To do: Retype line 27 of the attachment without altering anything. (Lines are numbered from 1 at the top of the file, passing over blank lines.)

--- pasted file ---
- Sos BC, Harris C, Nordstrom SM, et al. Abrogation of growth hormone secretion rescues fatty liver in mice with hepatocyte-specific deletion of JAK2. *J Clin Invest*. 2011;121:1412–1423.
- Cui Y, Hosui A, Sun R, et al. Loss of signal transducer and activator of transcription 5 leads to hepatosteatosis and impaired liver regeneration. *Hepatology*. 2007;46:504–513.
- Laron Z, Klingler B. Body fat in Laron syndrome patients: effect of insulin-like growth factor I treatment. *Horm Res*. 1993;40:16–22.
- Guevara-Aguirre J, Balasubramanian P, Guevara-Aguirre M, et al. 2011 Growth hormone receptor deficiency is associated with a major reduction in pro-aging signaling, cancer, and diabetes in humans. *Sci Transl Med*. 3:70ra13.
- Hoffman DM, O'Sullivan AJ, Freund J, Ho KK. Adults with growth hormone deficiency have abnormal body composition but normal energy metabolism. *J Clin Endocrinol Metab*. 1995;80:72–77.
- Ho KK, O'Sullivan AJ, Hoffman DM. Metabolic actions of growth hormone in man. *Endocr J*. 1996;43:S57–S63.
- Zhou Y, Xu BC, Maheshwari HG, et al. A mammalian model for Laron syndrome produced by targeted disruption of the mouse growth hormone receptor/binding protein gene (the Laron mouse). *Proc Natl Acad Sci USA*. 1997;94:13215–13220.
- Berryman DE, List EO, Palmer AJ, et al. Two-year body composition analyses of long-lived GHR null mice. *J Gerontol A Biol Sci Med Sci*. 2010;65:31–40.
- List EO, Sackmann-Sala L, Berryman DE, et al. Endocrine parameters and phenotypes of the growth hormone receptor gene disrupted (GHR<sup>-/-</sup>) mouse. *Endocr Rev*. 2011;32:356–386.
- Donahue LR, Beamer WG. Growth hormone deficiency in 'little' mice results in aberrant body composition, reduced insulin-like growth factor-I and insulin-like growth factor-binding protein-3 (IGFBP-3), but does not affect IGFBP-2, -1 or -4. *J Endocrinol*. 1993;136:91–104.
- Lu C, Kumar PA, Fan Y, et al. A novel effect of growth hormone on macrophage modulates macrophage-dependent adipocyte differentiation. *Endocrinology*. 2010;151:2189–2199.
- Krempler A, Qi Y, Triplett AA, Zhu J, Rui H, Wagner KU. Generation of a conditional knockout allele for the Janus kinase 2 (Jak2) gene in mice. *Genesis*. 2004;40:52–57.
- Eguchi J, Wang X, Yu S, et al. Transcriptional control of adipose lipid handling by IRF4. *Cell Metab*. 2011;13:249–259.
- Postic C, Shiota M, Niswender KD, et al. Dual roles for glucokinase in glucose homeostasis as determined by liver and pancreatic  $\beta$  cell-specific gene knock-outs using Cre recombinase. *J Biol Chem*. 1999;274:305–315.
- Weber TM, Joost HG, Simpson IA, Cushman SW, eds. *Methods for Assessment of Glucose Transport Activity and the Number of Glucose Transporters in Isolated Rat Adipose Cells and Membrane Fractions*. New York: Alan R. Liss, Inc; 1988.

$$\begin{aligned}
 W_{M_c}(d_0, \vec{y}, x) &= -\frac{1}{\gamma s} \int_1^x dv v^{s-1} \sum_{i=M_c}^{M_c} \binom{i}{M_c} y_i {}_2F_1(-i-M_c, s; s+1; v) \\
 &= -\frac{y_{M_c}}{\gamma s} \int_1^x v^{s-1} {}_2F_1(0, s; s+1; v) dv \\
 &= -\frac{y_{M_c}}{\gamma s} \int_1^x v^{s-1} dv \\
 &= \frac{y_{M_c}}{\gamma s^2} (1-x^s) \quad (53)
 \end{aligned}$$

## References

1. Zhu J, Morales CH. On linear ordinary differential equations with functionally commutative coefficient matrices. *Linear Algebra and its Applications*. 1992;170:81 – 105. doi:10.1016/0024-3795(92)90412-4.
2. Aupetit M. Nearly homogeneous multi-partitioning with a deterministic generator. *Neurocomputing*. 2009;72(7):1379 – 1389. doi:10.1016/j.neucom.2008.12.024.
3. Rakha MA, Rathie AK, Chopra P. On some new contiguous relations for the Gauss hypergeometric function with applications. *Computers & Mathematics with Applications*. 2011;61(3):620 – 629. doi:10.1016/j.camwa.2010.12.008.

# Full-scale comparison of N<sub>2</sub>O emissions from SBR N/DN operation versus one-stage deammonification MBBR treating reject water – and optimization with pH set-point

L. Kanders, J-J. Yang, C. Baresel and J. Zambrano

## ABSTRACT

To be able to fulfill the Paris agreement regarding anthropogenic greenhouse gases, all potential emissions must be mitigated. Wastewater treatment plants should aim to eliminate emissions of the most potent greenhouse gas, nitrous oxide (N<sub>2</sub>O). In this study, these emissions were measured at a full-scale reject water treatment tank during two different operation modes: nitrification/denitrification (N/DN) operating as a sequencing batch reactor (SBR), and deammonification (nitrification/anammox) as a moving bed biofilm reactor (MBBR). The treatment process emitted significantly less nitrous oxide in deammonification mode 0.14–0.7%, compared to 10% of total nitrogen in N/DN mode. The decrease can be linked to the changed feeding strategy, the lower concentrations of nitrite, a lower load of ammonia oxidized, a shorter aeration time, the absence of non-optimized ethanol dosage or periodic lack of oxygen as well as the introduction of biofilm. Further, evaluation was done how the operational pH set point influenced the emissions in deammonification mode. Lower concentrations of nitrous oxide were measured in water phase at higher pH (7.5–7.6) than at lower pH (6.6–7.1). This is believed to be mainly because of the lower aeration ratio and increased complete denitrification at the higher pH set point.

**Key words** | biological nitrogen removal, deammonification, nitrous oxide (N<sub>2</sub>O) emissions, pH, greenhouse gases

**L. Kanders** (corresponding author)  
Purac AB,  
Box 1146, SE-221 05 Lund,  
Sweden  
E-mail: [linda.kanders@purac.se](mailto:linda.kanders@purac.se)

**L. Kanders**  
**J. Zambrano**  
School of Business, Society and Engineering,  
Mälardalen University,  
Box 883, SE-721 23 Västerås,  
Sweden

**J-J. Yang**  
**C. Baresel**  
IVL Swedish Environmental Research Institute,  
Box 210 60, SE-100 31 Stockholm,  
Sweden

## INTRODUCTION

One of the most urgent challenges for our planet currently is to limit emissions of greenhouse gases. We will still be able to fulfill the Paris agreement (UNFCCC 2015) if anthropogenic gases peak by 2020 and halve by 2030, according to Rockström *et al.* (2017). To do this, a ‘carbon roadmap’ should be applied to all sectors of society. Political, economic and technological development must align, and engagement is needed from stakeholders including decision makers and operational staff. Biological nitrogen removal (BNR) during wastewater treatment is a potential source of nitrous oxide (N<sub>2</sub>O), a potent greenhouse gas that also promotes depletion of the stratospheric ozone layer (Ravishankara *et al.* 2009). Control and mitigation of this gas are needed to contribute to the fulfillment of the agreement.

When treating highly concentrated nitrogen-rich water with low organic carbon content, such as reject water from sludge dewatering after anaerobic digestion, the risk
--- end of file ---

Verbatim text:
L. Kanders, J-J. Yang, C. Baresel and J. Zambrano